Vladimire Mau and Tatiana Drobyshevskaya
From the turn of eighteenth century, Russian economic development has been determined by catching-up approach with the Western countries. This task was central for all Russian administrations since Peter I up to the most recent time—and this is the key question for the analysis of Russian economic performance. The chapter discusses challenges and specific features of Russian economic development as catching-up modernization and provides an overview of the main stages of Russian economic history from eighteenth century. The main emphasis is on the period from the end of nineteenth through the end of the twentieth century. It was a time of wars and revolutions, industrialization, and an emerging centrally planned (communist) economy. Soviet communist economy is under special consideration—its characteristics, internal contradiction, attempts at amelioration, crisis, and collapse at the end of the twentieth century.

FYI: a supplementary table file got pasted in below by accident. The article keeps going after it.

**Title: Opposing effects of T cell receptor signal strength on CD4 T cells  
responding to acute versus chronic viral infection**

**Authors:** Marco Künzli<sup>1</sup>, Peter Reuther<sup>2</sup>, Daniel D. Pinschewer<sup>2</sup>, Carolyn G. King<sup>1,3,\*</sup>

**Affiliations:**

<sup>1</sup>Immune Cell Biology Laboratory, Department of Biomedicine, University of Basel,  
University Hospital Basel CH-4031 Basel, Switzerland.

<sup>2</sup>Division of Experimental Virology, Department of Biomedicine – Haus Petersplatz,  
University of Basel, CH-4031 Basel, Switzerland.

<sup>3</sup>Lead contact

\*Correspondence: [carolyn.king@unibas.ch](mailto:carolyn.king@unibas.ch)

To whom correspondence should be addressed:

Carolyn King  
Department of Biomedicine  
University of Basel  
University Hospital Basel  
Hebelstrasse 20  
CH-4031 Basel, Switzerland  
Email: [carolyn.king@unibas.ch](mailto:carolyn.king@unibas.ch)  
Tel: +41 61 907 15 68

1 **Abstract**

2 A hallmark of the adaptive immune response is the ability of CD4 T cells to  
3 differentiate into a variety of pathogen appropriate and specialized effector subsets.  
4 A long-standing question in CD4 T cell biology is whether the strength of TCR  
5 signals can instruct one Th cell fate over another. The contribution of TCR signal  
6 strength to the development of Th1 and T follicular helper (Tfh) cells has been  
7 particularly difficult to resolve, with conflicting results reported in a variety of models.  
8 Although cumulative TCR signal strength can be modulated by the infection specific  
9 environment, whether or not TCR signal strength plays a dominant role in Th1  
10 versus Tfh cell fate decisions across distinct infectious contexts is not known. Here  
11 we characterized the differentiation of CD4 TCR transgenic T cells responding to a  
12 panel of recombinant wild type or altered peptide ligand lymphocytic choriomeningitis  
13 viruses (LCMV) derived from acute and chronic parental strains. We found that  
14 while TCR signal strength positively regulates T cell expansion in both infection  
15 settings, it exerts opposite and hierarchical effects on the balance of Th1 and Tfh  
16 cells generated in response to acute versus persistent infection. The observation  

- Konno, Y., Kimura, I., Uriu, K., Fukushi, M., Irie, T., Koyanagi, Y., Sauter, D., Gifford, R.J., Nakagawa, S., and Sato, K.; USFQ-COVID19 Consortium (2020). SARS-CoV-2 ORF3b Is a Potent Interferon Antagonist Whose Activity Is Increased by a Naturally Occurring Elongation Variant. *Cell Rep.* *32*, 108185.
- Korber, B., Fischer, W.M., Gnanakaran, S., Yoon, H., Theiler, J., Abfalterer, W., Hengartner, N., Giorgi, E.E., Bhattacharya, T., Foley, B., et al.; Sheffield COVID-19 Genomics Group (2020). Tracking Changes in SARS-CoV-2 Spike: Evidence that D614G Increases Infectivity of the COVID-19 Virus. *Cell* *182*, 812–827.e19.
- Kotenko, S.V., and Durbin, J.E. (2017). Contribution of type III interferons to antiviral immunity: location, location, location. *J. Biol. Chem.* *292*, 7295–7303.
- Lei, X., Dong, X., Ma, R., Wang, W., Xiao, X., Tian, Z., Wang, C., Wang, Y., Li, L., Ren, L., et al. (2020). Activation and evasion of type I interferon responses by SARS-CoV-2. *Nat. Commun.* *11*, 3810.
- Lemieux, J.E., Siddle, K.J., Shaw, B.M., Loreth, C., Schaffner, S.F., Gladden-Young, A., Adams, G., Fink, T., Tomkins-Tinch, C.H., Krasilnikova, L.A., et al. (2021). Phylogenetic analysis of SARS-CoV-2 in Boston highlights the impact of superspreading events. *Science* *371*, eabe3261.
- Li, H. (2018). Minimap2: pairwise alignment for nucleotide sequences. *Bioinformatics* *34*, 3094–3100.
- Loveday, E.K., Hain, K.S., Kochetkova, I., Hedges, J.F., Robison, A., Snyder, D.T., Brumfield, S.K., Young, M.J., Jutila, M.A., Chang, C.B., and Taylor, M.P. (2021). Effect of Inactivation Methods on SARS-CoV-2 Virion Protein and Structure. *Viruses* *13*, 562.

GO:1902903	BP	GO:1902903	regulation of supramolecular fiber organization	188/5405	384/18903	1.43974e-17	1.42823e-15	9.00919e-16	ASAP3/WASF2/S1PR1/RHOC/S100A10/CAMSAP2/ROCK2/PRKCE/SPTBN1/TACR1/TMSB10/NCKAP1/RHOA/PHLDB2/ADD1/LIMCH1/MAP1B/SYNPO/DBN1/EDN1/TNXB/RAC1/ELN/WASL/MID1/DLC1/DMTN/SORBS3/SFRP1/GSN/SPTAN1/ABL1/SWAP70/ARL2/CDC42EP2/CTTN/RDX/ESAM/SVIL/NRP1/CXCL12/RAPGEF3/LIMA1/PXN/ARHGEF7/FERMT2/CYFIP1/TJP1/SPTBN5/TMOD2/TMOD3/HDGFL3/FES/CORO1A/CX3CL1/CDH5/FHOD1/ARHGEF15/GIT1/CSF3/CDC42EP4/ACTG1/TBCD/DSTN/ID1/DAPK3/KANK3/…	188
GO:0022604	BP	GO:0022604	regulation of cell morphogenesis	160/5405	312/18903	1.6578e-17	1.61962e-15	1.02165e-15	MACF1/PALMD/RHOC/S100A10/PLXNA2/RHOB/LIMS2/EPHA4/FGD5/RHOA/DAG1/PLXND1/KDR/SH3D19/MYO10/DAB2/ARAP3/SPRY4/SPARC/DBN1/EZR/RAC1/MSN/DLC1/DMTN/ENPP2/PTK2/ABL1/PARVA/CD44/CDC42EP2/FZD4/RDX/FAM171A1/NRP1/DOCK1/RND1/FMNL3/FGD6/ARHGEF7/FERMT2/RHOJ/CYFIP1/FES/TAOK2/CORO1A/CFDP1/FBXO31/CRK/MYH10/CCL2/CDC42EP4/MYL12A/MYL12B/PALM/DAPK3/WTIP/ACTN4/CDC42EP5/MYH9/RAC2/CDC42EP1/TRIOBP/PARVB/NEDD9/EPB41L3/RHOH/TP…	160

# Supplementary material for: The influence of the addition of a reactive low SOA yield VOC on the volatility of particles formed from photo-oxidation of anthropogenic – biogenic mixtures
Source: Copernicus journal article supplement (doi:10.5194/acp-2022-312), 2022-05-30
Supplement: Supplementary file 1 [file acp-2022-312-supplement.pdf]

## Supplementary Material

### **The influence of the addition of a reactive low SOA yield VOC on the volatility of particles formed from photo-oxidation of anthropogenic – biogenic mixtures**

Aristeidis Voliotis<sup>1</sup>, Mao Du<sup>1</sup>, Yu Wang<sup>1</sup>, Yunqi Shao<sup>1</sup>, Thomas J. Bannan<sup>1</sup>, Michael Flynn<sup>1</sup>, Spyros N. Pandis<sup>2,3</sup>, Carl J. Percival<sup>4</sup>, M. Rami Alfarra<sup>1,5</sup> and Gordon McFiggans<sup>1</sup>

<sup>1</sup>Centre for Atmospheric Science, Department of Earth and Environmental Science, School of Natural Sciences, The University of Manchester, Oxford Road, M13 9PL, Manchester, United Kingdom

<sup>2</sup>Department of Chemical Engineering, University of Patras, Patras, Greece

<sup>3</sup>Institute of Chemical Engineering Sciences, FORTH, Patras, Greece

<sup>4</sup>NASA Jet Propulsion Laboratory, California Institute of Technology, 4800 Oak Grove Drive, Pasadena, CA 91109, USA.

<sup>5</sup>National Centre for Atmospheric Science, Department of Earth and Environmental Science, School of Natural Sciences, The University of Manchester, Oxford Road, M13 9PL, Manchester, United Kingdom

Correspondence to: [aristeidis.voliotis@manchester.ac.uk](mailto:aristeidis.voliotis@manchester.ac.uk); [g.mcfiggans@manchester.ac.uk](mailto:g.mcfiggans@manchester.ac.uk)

Where did stock markets come from? Stock exchanges and the rules and regulations that make stock markets possible were not invented by government but instead emerged from the market. From the world’s first major stock market in seventeenth-century Amsterdam to the world’s second and third major stock markets in the eighteenth and nineteenth centuries in London and New York, the markets developed over a long period when government officials did not understand them and refused to enforce most contracts in them. Officials viewed most of what went on in stock markets as forms of gambling and passed various prohibitions, yet brokers ignored the prohibitions and developed amazingly sophisticated contracts, including forward contracts, short sales, securitization, hypothecation, and options. Similar to the evolution of money, the stock markets grew out of a series of private choices and can be seen as a quintessential example of spontaneous market order.